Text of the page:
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Jan Lammerding

Jan Lammerding, Ph.D.

Weill Institute for Cell & Molecular Biology
and Department of Biomedical Engineering
Cornell University
235 Weill Hall
Ithaca, NY 14853-7202
(607)255-1700 (office)
(607)255-1980 (lab)


  • March 2014. Dennis Chua, an undergraduate student in the Lammerding Lab, was selected as a Merrill Presidential Scholar, an award honoring Cornell University’s most outstanding graduating seniors. See article.
  • January 2014. Maya Bakshi, an undergraduate student in the Lammerding Lab, was selected for the 2014 Teach for America Corps.
  • December 2013. Samantha Olyha, an undergraduate student in the Lammerding Lab, was awarded a prestigious Marshall Scholarship to study at Oxford University.
  • November 2013. Gabriel Lopez, who worked as a summer REU student in the Lammerding Lab, won an Outstanding Presentation Award/Certificate of Achievement in the Engineering, Physics and Mathematics category for his poster “Designing a Microfluidic Device to Study the Deformability of Cancer Cells” at the 2013 Annual Biomedical Research Conference for Minority Students (ABRCMS) in Nashville, TN.
  • October 2013.The Cornell Daily Sun featured an article highlighting the interdisciplinary research in the Lammerding laboratory that addresses the role of cellular biomechanics in a variety of human diseases ranging from muscular dystrophy to premature aging and cancer. See: Cornell Researcher Investigates Nuclear Mutations.
  • August 2013. Greg Fedorchak, a BME PhD student in the Lammerding lab, was awarded a BMES Student Travel Grant to attend the 2013 BMES Annual Meeting in Seattle, Washington.
  • June 2013. Jan Lammerding received an NSF CAREER Award to study the role of nuclear biomechanics during cell migration in 3-D environments.
  • June 2013. Dennis Chua, an undergraduate student in the Lammerding Lab, was awarded a Tau Beta Pi Scholarship for 2013-14.
  • June 2013. Chin Yee Ho was awarded a prestigious postdoctoral fellowship from the American Heart Association.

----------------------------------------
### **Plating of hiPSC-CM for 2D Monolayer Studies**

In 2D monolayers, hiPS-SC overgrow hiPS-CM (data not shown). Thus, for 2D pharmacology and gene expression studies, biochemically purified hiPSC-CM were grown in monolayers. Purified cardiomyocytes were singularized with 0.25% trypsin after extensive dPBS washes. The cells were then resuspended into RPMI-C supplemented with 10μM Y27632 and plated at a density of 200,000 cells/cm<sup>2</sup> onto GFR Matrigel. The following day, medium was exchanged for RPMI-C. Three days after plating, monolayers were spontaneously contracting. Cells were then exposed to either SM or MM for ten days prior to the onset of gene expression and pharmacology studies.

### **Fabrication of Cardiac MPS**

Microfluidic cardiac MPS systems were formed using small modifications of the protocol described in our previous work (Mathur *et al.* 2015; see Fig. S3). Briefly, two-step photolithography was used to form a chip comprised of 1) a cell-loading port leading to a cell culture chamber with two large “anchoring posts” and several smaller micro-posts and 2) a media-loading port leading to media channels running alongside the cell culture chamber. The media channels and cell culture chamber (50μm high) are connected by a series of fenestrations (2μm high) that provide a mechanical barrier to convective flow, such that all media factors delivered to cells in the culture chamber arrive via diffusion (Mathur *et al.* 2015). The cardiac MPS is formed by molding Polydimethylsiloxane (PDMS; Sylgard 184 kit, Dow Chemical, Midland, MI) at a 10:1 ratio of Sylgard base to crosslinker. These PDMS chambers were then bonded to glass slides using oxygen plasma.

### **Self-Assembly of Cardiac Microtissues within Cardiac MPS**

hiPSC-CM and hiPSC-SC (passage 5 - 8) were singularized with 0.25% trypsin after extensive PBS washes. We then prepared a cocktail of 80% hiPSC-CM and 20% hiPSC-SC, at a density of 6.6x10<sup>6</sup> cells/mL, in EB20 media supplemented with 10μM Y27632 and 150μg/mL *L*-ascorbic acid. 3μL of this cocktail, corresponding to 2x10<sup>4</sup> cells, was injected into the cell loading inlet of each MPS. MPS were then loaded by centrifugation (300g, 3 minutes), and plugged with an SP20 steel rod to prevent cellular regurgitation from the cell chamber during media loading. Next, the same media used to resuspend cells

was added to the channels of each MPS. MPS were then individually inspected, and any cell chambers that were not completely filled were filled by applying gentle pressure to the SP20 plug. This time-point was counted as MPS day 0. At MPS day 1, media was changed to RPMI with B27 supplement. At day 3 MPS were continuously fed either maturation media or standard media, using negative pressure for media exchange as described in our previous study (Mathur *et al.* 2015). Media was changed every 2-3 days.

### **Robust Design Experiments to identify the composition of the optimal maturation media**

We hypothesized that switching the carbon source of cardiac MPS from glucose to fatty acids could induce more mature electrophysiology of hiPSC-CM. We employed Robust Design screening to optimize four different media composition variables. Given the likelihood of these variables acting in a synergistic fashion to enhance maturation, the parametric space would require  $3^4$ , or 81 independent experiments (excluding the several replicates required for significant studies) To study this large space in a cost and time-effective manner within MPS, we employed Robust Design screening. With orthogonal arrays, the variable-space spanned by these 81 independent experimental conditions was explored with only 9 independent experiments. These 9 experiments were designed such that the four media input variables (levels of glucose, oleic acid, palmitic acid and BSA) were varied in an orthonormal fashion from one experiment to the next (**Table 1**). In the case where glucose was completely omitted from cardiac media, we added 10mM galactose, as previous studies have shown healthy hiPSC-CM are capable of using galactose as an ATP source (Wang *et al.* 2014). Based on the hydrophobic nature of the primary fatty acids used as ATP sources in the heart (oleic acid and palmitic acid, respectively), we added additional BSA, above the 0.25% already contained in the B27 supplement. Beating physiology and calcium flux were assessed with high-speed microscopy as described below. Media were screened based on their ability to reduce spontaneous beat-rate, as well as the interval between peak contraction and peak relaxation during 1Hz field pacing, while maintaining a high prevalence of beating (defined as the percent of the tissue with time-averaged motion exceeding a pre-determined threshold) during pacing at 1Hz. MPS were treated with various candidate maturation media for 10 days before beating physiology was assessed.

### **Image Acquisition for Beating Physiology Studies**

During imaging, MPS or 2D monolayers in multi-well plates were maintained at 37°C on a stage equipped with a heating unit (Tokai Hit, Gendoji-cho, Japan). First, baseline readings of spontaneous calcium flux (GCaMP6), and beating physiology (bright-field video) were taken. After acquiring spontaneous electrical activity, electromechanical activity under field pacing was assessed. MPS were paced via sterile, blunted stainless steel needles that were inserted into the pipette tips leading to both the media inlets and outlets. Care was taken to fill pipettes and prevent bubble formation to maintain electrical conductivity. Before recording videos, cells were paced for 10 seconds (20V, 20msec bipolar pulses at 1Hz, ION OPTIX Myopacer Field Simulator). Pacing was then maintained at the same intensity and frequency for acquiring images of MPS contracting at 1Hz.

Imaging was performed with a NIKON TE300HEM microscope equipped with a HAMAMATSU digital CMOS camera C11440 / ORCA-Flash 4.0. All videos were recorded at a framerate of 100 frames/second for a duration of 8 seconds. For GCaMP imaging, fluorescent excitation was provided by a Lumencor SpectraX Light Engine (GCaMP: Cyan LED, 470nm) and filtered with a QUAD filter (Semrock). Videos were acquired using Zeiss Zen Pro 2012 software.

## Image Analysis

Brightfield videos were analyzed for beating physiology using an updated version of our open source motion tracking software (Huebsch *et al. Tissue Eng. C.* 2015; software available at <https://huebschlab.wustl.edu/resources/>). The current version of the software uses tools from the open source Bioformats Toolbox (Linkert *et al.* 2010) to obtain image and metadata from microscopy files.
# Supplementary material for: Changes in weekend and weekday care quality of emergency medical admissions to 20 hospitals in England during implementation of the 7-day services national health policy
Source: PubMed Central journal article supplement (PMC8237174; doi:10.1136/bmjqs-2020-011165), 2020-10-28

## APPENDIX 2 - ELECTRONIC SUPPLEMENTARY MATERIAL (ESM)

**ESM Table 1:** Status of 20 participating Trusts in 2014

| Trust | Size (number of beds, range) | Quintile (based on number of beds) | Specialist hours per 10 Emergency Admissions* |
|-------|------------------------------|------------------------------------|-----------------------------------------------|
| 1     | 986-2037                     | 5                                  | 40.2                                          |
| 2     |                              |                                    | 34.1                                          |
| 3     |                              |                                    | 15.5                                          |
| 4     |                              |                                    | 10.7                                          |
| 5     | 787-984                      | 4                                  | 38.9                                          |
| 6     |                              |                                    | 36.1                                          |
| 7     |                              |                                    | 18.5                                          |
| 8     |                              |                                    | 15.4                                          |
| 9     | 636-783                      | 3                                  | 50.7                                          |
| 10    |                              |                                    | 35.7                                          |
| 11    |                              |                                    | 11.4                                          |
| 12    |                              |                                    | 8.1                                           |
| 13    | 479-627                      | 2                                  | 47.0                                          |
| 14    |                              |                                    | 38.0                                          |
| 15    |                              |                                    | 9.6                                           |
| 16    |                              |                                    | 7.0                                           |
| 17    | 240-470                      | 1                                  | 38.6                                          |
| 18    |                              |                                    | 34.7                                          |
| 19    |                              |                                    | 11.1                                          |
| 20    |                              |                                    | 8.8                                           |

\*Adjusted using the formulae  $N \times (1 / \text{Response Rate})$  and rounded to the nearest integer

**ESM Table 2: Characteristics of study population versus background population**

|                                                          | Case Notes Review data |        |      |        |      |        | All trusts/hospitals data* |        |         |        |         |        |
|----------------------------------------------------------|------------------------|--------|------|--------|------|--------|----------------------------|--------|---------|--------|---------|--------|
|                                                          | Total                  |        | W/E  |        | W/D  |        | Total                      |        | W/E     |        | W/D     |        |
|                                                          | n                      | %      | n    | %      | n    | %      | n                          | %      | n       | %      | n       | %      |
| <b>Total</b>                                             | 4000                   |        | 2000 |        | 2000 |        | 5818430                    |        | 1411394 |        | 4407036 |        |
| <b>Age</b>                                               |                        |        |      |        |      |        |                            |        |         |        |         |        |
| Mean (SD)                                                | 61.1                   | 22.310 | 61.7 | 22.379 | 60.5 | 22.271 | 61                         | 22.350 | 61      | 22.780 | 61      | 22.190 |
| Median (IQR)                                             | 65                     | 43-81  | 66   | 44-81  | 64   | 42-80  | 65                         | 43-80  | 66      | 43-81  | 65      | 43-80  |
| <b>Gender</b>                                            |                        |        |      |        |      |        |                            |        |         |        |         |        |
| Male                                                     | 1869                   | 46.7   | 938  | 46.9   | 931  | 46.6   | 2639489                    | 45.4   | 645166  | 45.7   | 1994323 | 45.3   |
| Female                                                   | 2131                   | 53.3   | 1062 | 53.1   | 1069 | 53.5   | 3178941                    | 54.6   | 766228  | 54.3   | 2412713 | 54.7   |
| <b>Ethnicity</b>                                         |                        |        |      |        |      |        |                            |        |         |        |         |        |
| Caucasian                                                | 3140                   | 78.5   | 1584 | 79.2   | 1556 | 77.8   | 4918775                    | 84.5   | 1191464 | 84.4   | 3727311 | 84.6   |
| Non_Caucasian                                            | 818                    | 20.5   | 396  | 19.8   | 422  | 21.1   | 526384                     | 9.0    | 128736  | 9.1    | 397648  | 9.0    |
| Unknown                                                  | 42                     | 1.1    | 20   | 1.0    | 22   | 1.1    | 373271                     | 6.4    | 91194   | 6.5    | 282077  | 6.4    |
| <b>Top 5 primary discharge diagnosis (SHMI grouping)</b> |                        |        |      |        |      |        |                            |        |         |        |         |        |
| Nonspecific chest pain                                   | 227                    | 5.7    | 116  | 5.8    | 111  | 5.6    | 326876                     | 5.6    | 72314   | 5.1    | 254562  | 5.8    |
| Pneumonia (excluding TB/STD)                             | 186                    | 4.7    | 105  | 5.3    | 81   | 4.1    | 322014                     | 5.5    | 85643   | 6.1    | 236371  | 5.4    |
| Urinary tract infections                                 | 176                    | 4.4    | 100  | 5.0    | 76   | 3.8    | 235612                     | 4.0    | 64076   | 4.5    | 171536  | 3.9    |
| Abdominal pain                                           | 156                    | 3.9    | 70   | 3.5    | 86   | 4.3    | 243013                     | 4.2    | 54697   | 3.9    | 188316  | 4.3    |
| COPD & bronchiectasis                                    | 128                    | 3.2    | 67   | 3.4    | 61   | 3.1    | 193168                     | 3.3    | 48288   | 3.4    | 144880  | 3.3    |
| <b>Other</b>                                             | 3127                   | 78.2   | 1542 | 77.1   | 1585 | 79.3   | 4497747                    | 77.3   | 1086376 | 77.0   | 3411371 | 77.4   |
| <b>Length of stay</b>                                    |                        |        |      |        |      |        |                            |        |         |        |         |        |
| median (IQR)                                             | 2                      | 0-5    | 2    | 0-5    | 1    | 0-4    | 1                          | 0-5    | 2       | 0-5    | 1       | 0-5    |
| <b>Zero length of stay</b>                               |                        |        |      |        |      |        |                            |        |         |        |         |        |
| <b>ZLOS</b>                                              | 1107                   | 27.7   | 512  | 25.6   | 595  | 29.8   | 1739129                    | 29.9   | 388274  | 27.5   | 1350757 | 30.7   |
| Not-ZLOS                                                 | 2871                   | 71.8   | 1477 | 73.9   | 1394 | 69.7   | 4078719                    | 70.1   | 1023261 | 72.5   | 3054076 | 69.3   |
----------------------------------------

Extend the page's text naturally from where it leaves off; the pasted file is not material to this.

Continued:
• May 2013. Chin Yee Ho’s work on the interplay between lamin A/C, emerin, and myocardin-related transcription factor-A (MRTF-A) was just published in Nature: Ho CY, Jaalouk DE, Vartiainen MK, Lammerding J. Lamin A/C and emerin regulate MKL1-SRF activity by modulating actin dynamics. Nature 2013 May 23;497(7450):507-11. doi: 10.1038/nature12105.
  • April 2013. Greg Fedorchak was awarded an NSF GK-12 fellowship in Biomedical Engineering to work with teachers and students in K-12 schools to enrich science, technology, engineering and mathematics (STEM) content and instruction for underserved local schools.
  • February 2013. Our article describing the effect of specific disease-causing lamin mutants on nuclear mechanics in vitro and in vivo was accepted for publication: Zwerger M, Jaalouk D, Lombardi M, Isermann P, Mauermann M, Dialynas G, Herrmann H, Wallrath L, Lammerding J. Myopathic lamin mutations impair nuclear stability in cells and tissue and disrupt nucleo-cytoskeletal coupling. Hum. Molecular Genetics. 2013 Jun 15;22(12):2335-49. doi: 10.1093/hmg/ddt079.
  • February 2013. Undergraduate student Shen Ning received a competitive fellowship from the Cornell Oxford Study Abroad Program to spend her junior year at Oxford University, starting in fall 2013.
  • January 2013. Our article describing the importance of lamin A in neutrophil deformability was published: Rowat AC, Jaalouk DE, Zwerger M, Ung WL, Eydelnant IA, Olins D, Olins A, Herrmann H, Weitz DA, Lammerding J. Nuclear envelope composition determines the ability of neutrophil-type cells to passage through micron-scale constrictions. J. Biol Chem. 2013 Jan. 288(12):8610-8. doi: 10.1074/jbc.M112.441535.
  • More news....

The Lammerding lab is focused on subcellular mechanics and the cellular signaling response to mechanical stimulation.

The research in Dr. Lammerding’s group is focused on developing and applying novel experimental techniques to explore the interplay between cellular structure and function, with a particular emphasis on the cell nucleus and the nuclear envelope. Recent discoveries provide compelling evidence that the physical properties of the nucleus are critical for a multitude of cellular functions, and that defects in nuclear structure and organization can contribute to a large number of human diseases, ranging from muscular dystrophies and cardiomyopathies to premature aging and cancer. While many of the projects in our laboratory are aimed at elucidating the molecular mechanisms underlying human diseases caused by mutations in nuclear envelope proteins, our research will also provide important insights into the normal functions of these proteins.

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